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1Biomedical Engineering, Science and Health Systems, Drexel University, 2Mechanical Engineering and Mechanics, Drexel University
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Manipulating fluids and suspended particles in the micro- and nano-scale is becoming more of a reality as enabling technologies, like AC electrokinetics, continue to develop. Here, we discuss the physics behind AC electrokinetics, how to fabricate these devices and how to interpret the experimental observations.
Hart, R., Oh, J., Capurro, J., Noh, H. (. AC Electrokinetic Phenomena Generated by Microelectrode Structures. J. Vis. Exp. (17), e813, doi:10.3791/813 (2008).
The field of AC electrokinetics is rapidly growing due to its ability to perform dynamic fluid and particle manipulation on the micro- and nano-scale, which is essential for Lab-on-a-Chip applications. AC electrokinetic phenomena use electric fields to generate forces that act on fluids or suspended particles (including those made of dielectric or biological material) and cause them to move in astonishing ways1, 2. Within a single channel, AC electrokinetics can accomplish many essential on-chip operations such as active micro-mixing, particle separation, particle positioning and micro-pattering. A single device may accomplish several of those operations by simply adjusting operating parameters such as frequency or amplitude of the applied voltage. Suitable electric fields can be readily created by micro-electrodes integrated into microchannels. It is clear from the tremendous growth in this field that AC electrokinetics will likely have a profound effect on healthcare diagnostics3-5, environmental monitoring6 and homeland security7.
In general, there are three AC Electrokinetic phenomena (AC electroosmosis, dielectrophoresis and AC electrothermal effect) each with unique dependencies on the operating parameters. A change in these operating parameters can cause one phenomena to become dominant over another, thus changing the particle or fluid behavior.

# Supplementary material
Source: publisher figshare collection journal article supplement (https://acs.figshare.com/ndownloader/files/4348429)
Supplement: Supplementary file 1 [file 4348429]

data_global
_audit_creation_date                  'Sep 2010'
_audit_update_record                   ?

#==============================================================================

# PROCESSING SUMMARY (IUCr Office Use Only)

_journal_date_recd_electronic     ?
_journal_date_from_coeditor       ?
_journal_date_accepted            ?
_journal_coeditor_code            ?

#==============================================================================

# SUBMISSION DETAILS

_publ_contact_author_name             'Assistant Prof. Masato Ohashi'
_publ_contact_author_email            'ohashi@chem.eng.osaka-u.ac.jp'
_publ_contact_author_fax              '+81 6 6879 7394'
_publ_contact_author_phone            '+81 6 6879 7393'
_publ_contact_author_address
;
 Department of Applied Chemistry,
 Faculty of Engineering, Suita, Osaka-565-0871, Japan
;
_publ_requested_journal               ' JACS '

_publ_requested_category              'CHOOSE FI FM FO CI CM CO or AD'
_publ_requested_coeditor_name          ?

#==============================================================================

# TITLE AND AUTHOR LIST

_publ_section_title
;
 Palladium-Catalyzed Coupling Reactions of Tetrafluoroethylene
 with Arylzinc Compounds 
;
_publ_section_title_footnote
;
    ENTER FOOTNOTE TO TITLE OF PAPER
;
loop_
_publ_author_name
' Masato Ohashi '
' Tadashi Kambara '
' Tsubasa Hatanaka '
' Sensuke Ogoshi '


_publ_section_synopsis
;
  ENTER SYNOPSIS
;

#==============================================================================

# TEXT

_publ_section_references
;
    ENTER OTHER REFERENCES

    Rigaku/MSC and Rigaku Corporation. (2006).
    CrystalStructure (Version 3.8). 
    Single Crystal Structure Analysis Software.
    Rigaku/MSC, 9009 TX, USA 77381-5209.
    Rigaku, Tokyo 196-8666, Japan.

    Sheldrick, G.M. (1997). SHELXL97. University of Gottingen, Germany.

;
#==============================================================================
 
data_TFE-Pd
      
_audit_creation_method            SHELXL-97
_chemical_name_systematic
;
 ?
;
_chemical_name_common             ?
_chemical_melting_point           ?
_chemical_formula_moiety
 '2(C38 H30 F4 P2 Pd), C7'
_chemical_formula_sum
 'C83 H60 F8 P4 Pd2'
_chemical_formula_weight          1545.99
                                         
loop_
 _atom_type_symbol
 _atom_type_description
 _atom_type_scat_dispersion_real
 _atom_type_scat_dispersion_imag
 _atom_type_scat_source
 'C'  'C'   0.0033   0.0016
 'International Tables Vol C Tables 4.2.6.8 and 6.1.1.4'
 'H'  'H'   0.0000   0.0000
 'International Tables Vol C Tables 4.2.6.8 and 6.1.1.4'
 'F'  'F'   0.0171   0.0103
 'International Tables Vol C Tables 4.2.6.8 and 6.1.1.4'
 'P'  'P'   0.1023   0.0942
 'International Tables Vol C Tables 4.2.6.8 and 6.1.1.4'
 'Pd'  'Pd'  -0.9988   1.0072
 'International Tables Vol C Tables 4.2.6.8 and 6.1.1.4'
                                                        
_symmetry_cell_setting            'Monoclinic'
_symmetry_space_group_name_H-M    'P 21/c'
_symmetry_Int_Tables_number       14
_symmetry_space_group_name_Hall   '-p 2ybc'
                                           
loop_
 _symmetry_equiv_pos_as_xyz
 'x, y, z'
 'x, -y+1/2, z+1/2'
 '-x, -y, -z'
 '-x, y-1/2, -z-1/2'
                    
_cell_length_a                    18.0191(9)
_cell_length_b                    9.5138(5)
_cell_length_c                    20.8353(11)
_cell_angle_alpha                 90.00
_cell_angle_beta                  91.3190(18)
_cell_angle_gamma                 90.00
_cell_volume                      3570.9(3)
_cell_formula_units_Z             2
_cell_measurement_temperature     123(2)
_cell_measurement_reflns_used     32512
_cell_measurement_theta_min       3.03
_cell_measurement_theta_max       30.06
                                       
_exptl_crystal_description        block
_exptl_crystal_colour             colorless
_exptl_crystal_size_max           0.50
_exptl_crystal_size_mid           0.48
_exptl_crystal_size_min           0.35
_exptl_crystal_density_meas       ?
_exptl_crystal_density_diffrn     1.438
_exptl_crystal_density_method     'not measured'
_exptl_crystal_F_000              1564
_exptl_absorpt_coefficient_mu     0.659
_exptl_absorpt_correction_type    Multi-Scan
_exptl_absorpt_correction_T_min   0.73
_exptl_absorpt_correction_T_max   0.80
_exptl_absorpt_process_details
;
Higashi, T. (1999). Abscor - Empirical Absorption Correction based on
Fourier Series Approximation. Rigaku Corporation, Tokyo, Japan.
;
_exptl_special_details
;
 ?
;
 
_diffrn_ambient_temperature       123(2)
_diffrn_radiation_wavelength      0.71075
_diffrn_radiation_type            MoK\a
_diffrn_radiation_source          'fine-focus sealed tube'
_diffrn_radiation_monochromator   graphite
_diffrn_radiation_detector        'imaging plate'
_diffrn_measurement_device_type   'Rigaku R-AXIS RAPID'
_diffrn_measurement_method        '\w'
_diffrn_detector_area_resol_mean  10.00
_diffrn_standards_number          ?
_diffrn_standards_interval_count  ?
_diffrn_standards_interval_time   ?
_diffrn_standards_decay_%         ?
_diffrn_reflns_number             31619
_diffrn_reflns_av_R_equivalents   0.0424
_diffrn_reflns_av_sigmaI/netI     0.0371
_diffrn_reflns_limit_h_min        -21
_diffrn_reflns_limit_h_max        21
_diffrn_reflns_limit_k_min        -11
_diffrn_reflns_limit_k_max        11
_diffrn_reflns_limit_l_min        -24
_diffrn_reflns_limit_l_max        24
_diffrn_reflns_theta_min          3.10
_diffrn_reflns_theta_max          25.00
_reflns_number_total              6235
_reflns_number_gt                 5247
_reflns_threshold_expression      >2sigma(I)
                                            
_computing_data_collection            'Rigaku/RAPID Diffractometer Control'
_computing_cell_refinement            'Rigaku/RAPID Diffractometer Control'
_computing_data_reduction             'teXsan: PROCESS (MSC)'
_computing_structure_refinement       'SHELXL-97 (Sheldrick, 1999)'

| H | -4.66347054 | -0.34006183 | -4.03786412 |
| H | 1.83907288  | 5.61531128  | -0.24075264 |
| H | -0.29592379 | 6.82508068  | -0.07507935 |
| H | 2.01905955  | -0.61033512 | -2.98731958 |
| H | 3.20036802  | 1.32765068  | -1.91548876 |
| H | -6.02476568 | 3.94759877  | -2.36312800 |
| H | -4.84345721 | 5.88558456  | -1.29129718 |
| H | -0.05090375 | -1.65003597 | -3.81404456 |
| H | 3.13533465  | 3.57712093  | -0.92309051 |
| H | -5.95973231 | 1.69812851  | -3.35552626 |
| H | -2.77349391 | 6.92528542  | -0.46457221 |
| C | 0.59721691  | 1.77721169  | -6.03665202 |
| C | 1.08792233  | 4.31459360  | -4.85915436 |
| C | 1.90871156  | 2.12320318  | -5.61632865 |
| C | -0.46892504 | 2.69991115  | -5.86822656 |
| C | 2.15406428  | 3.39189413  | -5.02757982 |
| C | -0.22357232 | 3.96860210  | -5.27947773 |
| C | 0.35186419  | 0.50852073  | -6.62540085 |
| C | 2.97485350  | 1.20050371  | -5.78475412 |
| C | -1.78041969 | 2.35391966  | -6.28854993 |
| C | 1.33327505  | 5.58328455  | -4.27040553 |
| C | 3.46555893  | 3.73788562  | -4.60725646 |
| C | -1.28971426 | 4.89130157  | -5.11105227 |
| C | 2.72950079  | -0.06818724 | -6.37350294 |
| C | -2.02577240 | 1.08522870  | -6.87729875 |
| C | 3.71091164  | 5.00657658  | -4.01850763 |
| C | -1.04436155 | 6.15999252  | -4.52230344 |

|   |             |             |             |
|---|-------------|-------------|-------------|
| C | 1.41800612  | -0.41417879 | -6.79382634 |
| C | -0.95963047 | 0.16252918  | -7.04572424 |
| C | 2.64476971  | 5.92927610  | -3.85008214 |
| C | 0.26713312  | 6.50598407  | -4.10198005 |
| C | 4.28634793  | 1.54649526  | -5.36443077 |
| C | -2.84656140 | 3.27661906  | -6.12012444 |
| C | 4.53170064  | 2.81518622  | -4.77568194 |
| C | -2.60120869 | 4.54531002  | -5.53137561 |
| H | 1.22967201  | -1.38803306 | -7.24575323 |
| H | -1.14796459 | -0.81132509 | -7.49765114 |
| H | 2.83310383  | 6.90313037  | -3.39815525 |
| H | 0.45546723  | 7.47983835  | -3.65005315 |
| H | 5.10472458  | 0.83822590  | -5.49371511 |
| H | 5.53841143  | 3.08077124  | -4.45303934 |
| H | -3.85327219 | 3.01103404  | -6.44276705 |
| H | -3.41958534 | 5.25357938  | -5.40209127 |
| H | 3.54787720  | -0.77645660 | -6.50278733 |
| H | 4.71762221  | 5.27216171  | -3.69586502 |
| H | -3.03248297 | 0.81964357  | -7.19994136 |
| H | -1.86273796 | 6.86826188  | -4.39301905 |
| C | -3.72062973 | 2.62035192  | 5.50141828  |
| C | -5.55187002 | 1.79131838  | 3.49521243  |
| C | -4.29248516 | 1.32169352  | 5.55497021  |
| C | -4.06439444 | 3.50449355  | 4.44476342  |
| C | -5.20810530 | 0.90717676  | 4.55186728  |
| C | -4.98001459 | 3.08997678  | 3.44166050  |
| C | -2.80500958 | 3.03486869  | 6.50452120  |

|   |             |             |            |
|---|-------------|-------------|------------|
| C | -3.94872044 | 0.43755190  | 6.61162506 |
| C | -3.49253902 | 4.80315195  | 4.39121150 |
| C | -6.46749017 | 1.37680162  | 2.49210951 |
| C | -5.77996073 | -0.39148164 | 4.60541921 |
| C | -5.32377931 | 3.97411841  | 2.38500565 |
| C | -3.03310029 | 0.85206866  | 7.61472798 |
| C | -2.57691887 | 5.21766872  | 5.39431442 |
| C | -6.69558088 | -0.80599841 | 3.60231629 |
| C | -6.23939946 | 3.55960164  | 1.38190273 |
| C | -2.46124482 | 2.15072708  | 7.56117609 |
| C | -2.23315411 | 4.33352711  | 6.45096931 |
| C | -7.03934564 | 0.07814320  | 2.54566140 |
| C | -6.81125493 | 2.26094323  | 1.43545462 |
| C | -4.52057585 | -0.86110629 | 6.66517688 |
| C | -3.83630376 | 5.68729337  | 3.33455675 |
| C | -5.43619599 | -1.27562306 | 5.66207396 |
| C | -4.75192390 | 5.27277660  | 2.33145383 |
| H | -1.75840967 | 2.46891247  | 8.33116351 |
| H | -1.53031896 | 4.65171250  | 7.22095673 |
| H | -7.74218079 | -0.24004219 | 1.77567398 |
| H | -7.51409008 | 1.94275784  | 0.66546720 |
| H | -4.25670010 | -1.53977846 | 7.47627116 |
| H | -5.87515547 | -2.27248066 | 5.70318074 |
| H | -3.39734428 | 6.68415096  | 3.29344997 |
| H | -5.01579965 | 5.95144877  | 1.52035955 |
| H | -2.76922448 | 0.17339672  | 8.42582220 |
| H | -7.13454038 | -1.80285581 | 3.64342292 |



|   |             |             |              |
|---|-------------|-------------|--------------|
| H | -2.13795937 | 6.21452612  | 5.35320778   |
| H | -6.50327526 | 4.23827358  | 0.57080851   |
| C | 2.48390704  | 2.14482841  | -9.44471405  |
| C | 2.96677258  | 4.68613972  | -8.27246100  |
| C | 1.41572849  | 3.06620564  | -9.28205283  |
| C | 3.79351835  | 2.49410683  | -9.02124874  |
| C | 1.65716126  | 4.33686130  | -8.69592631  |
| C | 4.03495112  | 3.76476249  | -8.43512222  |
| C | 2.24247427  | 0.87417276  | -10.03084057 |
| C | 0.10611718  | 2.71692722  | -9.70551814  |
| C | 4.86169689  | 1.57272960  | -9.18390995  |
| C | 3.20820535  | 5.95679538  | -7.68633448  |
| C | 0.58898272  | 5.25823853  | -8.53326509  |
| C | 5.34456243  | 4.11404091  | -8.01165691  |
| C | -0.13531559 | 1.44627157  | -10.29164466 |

It is difficult to predict the behavior of particles and fluids due to the complicated physics that underlie AC electrokinetics. It is the goal of this publication to explain the physics and elucidate particle and fluid behavior. Our analysis also covers how to fabricate the electrode structures that generate them, and how to interpret a wide number of experimental observations using several popular device designs. This video article will help scientists and engineers understand these phenomena and may encourage them to start using AC Electrokinetics in their research.
Fabricating Cr/Au Electrodes on Glass Substrates
Part 1A: Wet Etch Method
Part 1B: Alternative Protocol - Lift-off Method
Part 2: Microsphere injection and observation
Note: It is important not to raise the voltage too high or allow the frequency to get too low or electrolysis of water will occur. The exact voltage or frequency settings for this to occur are dependant on the electrode design. Our lab guidelines are to avoid frequencies below 500 Hz or voltages above 8 V.
In this video, we have shown a wide variety of particle and fluid manipulation behaviors caused by AC electrokinetic phenomena. The electrodes that generate these phenomena are easy to fabricate and can be easily integrated into many other systems. As we have shown, there are numerous applications for the use of AC electrokinetics. The versatility of these devices, as well as the rapid nature of manipulation, makes them particularly attractive. As healthcare and other industries begin to embrace lab-on-a-chip systems, we will likely see the incorporation of AC electrokinetics on those devices as an integral part.
|2" by 4" Pyrex Glass Slide||Substrate||Pyrex 7740|
|chrome mask||material||This photomask will have the micr–lectrode patterns on them and can be ordered from a variety of microfabrication centers.|
|PDMS Microchannels||material||These may be fabricated and used in-house or a simple microscope slide will suffice.|
|Hydrogen Peroxide 30%||Reagent||Fisher Scientific||7722-84-1||Certified ACS, Fisher Scientific|
|Sulfuric Acid||Reagent||Fisher Scientific||A300-212||Certified ACS Plus|
|Acetone Electronic Grade||Reagent||Fisher Scientific||A946-4|
|Shipley 1827 Positive Photoresist||Reagent||MicroChem Corp.|
|Shipley 351 Developer||Reagent||MicroChem Corp.|
|Gold Etchant||Reagent||Transene Company, Inc.||Type TFA|
|Chrome Photomask Etchant||Reagent||Cyantek Corporation||CR-7S|
|NR-7 1500 PY Negative Resist||Reagent||Futurrex|
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